Throughout the centuries there have been castles, great and small, for animals as diverse as goats and guinea pigs, deer and dogs, cows and bees, pigs and horses, as well as bears and even salmon. Thus cone-shaped homes were provided for doves in 1742, while in 1883 a Grecian temple with tapering Egyptian windows was built for pigs in Yorkshire. A red sandstone elephant with a castle on its back was designed for bees in Cheshire in the 1800s, while at Exton in Rutland, a 18th-century Gothic-arched cattle shelter topped with a pinnacled dovecote, enhances the park in which it stands. With such architects as William Kent designing a cowshed, as well as Sir John Soane devising classical ‘canine residences’, these buildings are not mere curiosities; John Nash applied himself at his most picturesque to a dovecote, while Capability Brown was commissioned to create a classical menagerie and Henry Holland designed an elaborate Chinese Dairy. Rather than just laugh-a-minute novelties, these buildings are the happy results of the British passion for both architecture and for animals – of indulgence in unrestrained and often unnecessary extravagance, simply for the love of building and their beasts. When designing for animals, architects and their patrons could realise their wildest flights of architectural fancy; the inhabitants could never complain, however idiosyncratic their dwelling – as George Eliot wrote in 1857, ‘Animals are such agreeable friends – they ask no questions, they pass no criticisms’ – allowing the builders’ imaginations to flourish unbridled, often with scant observance to architectural convention.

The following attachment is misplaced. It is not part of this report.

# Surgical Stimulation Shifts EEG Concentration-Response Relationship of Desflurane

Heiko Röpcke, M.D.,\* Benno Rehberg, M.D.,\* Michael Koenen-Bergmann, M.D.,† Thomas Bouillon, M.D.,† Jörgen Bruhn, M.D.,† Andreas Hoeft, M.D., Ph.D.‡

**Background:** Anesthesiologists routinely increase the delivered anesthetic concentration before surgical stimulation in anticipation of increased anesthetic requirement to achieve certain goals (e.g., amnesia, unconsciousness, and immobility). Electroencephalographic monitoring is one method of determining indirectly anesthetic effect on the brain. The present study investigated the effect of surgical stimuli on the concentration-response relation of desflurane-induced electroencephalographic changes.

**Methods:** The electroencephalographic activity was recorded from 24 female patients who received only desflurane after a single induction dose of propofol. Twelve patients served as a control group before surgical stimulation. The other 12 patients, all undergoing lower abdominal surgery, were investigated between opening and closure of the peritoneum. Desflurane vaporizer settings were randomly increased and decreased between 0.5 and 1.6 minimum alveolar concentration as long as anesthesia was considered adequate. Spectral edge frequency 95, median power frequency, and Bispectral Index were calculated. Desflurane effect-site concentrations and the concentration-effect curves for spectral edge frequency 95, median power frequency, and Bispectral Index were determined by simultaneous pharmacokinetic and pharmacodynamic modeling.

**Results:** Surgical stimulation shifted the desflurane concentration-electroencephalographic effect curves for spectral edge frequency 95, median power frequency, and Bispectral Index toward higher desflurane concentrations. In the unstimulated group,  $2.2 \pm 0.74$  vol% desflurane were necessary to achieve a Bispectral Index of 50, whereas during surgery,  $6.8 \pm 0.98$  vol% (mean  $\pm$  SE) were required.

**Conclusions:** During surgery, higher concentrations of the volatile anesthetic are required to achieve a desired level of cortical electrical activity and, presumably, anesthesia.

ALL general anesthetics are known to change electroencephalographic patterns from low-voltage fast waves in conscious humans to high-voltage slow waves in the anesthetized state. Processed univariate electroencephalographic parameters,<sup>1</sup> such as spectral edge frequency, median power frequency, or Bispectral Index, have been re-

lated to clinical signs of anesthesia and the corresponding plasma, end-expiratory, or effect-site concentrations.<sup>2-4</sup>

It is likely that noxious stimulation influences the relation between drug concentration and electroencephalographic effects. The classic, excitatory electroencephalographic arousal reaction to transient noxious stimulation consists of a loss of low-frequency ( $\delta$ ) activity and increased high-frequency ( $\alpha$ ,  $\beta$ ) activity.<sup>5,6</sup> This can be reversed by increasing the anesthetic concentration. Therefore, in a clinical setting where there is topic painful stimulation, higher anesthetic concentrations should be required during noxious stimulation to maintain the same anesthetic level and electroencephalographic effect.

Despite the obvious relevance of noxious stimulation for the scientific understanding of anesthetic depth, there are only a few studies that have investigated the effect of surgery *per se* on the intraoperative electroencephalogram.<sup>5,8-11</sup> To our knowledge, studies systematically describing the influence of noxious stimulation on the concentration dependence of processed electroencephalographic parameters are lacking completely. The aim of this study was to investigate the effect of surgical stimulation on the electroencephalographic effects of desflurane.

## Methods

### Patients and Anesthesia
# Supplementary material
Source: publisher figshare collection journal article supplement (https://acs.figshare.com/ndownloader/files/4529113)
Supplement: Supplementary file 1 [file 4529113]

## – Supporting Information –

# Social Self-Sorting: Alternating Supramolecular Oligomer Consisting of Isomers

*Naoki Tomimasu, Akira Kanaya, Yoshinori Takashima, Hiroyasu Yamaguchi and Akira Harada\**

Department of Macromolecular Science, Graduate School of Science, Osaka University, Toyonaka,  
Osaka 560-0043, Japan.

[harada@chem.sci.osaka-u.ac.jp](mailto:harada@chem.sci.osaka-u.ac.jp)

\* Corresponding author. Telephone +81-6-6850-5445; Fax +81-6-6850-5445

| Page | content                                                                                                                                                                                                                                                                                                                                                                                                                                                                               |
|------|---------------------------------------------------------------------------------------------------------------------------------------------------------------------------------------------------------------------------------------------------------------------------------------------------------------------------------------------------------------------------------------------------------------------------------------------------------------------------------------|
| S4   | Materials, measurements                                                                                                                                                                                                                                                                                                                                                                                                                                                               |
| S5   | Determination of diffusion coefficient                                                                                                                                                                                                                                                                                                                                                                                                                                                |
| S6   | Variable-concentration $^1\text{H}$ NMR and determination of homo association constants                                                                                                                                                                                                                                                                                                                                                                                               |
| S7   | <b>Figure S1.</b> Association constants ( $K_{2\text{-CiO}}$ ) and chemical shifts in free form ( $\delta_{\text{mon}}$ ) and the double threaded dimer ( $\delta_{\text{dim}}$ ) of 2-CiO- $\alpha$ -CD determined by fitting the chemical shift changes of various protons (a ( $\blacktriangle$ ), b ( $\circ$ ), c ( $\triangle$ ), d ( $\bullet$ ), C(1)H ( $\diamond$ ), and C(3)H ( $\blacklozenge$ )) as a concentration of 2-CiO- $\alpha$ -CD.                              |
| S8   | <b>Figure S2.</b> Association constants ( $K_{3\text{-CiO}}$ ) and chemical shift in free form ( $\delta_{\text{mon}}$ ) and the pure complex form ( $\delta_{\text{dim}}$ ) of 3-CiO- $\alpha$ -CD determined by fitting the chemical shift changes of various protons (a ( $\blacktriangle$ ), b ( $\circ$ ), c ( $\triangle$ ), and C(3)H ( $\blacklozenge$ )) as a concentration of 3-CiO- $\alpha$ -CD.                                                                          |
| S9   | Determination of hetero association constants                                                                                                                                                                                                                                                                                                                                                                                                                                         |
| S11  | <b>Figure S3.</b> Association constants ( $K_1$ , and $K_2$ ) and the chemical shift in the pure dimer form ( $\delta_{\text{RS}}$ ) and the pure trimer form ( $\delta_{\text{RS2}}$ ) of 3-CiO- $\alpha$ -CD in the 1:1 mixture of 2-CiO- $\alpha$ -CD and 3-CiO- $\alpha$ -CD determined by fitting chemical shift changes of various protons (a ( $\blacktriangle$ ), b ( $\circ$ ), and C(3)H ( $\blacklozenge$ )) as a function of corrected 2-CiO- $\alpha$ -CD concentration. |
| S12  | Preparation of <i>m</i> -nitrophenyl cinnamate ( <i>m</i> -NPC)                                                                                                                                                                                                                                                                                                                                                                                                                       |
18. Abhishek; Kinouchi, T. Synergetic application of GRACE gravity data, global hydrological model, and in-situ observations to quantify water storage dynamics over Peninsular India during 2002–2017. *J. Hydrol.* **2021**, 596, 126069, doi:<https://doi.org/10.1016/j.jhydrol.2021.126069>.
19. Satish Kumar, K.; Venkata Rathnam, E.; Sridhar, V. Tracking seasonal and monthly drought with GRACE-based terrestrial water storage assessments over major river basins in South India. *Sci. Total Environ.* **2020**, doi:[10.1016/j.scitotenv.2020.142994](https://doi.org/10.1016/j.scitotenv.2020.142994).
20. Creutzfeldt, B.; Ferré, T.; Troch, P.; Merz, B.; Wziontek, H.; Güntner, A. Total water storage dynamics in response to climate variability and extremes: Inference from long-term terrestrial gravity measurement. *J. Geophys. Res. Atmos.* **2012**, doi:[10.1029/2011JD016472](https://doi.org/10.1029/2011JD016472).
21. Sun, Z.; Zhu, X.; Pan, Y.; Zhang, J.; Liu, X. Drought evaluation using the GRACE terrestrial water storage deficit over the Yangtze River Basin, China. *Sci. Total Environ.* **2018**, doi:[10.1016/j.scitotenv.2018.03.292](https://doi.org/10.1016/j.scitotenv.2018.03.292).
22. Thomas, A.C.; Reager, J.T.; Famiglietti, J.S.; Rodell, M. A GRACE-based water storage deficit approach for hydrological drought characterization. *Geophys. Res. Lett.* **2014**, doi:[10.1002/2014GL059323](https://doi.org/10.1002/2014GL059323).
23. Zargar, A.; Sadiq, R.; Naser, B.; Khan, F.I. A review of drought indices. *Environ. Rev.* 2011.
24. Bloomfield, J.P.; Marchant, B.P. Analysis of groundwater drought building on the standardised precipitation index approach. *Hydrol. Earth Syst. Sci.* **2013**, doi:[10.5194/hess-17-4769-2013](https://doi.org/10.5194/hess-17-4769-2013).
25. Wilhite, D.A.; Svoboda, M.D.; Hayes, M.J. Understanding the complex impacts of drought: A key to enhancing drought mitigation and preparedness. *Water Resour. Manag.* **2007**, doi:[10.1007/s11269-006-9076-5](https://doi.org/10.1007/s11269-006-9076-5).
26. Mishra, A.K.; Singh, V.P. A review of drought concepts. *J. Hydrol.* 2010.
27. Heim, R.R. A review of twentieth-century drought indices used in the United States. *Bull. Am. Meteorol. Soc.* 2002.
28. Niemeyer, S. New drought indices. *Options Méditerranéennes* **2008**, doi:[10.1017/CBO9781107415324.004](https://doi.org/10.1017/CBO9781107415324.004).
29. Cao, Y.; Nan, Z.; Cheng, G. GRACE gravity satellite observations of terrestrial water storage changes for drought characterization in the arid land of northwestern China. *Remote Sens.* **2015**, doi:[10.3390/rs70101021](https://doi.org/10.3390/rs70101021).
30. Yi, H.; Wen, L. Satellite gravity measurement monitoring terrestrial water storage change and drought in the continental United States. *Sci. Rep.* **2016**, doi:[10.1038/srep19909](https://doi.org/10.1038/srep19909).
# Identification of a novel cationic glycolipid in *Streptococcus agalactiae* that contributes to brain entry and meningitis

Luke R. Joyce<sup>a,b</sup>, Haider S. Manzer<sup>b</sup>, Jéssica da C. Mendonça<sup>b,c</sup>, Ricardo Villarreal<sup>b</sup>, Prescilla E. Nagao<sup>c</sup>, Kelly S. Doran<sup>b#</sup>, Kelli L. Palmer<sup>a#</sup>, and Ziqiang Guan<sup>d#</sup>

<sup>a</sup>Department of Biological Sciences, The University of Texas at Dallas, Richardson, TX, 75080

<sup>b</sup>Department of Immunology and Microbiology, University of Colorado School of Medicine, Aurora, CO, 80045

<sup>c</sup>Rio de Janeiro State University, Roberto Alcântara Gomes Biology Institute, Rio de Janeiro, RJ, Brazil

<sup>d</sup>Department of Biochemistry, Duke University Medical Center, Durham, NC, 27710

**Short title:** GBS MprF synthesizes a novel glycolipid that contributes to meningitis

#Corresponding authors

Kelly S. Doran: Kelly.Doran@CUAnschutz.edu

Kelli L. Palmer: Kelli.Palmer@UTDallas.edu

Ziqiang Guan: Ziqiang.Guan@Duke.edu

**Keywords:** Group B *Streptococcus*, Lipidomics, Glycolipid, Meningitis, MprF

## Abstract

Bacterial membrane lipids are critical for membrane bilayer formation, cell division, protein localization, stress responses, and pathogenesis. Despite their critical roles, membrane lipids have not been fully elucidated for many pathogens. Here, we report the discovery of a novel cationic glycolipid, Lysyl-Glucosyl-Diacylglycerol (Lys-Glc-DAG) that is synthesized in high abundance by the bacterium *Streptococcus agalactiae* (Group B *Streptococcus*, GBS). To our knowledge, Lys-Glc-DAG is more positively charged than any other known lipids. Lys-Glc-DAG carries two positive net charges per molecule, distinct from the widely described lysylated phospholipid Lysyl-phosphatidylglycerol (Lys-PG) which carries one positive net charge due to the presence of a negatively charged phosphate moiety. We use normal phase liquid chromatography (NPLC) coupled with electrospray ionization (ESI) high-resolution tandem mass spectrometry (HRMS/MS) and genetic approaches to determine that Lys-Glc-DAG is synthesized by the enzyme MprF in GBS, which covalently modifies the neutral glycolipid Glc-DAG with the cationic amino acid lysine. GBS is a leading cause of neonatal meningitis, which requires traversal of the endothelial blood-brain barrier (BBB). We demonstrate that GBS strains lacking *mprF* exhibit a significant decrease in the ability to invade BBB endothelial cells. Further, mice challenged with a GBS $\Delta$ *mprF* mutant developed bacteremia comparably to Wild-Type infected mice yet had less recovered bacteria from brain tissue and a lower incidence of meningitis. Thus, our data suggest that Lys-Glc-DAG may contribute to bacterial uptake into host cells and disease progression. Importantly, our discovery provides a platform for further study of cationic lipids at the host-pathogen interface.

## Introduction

Architecture for animals has been and still continues to be a tremendous British tradition. Palaces for Pigs – fully illustrated with striking photographs by the author – celebrates this tradition, telling the fascinating stories behind the buildings that housed animals and the monuments that commemorated them.
1. Sport & Speed
2. Plate & Platter
3. Adored & Adornment
4. Death & Decoration